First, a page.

Wu Jiahong, MA student, Graduate Institute of Taiwanese Literature, National Taiwan University
The Taiwanese saying “a castrated chicken trying to fly like a phoenix” describes a person whose grasp exceeds his or her reach – try as it might, a capon will never soar like a beautiful phoenix, and will only embarrass itself in vain efforts to do so. Chicken farmers in Taiwan customarily castrate young male chickens in order to improve the quality of the meat. Although castrated chickens grow to be larger and comelier than other farmyard poultry, they are weak and incapable of flapping their wings, suited only for slaughter and eating. Castrated Chicken, Zhang Wenhuan’s novel of tragic romance, published in Taiwanese Literature magazine in July 1942, takes its title from the earthy proverb. In an era shadowed by clouds of war, the novel was like an enchanting orchid, subtly emanating delicate charm.
Castrated Chicken is set in the 1920s, a time when Taiwan’s colonial modernization was not yet complete. Acting on rumors that a new railroad would pass through their secluded village, two families decide to unite by marriage and go into business together. Chunpu’s daughter Yueli has no complaint with A-Yong, the man her family has arranged for her to wed, but the marriage falls apart when her in-laws’ financial pipedreams fail to materialize. Yueli then meets A-Lin, a young painter who harbors great ambitions in spite of a physical disability. Although the two grow close, conservative fellow villagers disapprove of what they consider to be an immoral relationship. Zhang Wenhuan painstakingly portrays Yueli’s loneliness and vulnerability at the loss of her family support network, depicting the transformations she goes through as she pursues physical and emotional freedom. The story ends sadly, however – in a final protest against fate, Yueli leaps into a river and drowns, an ending that urged readers to ponder the causes of the tragedy.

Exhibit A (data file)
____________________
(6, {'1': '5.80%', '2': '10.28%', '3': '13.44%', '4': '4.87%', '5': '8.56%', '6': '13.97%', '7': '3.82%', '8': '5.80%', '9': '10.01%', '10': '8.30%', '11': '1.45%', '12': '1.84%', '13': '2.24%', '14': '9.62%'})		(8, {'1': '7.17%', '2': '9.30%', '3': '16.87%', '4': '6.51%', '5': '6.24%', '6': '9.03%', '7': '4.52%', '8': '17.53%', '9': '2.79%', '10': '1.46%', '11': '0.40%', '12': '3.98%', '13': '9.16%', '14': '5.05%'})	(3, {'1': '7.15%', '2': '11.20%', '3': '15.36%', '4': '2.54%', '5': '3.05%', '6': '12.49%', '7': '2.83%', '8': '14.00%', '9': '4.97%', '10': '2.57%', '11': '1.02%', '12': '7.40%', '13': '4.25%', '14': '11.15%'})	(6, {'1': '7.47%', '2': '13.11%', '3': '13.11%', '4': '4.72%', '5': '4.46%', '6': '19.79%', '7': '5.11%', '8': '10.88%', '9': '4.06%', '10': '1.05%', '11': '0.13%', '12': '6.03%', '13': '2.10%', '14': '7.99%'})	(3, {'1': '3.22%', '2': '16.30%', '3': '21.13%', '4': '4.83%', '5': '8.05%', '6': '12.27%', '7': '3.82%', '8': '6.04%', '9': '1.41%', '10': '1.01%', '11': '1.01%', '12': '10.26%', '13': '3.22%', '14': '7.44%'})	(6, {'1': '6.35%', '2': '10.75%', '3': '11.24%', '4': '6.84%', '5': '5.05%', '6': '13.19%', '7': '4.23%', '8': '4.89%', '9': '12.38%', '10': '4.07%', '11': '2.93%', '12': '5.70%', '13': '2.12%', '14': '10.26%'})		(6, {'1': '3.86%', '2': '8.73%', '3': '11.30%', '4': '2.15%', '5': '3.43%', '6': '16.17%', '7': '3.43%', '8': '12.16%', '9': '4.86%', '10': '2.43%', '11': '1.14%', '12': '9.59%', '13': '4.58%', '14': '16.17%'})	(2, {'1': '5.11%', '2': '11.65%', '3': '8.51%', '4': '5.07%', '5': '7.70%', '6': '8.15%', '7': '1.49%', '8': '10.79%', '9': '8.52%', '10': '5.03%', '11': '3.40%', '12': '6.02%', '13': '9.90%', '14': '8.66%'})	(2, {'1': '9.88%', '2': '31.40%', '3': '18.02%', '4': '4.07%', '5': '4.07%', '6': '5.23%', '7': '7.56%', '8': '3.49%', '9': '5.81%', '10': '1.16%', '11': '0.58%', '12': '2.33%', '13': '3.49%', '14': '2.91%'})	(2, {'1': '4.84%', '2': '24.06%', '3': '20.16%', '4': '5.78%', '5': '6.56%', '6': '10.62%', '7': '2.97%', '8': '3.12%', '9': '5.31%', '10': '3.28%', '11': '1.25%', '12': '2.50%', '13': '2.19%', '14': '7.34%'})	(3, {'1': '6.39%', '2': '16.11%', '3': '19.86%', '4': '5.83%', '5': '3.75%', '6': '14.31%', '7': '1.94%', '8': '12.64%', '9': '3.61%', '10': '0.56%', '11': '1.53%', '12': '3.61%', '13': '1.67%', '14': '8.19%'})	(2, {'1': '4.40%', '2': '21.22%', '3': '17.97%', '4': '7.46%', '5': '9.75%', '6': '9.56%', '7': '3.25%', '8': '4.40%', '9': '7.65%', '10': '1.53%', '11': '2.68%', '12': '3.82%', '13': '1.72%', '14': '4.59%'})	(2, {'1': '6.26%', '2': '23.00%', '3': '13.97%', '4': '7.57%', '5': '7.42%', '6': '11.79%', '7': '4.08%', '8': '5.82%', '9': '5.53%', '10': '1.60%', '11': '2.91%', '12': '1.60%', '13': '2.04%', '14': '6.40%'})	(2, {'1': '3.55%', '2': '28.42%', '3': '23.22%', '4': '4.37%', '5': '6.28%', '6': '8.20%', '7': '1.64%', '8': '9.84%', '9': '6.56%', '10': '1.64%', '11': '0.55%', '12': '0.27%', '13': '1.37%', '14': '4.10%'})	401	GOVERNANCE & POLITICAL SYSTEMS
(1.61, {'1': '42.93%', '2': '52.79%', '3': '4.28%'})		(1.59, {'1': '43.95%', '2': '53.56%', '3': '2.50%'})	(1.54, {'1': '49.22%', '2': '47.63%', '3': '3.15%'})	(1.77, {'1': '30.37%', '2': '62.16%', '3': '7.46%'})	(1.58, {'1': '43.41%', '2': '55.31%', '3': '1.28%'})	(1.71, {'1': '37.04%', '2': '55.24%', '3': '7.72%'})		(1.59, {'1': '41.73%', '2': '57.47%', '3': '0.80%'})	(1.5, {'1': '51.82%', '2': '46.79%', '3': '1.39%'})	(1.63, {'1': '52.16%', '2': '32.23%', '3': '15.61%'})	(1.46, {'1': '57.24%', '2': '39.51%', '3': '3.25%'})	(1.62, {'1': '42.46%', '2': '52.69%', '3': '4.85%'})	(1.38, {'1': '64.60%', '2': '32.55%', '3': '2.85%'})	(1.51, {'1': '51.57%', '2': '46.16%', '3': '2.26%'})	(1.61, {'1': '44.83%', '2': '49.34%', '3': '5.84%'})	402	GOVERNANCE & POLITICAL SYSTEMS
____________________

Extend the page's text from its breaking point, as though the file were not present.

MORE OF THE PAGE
Playwright Lin Tuanqiu adapted Castrated Chicken to the stage the year after its publication, and the play premiered at Taipei’s Yongle Theatre in September 1943. Composer Lü Quansheng contributed arrangements of Taiwanese folk songs collected in Taipei’s Dadaocheng district – “The Train Kept Rolling,” “June Paddy Water” and “A Bird Is Chirping” – and painter Yang Sanlang designed the sets, creating an exquisite musical and visual experience. The play ends with A-Yong optimistically vowing to carry on with his life. During its run the production aroused strong ethnic feelings among Taiwanese audiences. Consequently, Japanese authorities banned the three folk songs featured in the performance. The play has since come to be regarded as a major work of Taiwan’s “New Drama Movement,” which employed modern theater as a medium for promoting social reform.
In tribute to the classic, a number of modern theater troupes have readapted and performed the play, their interpretations changing to fit the times. For example, in 2008 the Tainan Jen Theatre rewrote the work to highlight a woman’s pursuit of her ideals, adding depth to Yueli’s character. The adaptation also reinterpreted nativism’s significance in contemporary Taiwan, giving the sixty year-old play a greater resonance with modern audiences.
Stage Play Castrated Chicken Video Clip (Source: Tainan Jen Theatre)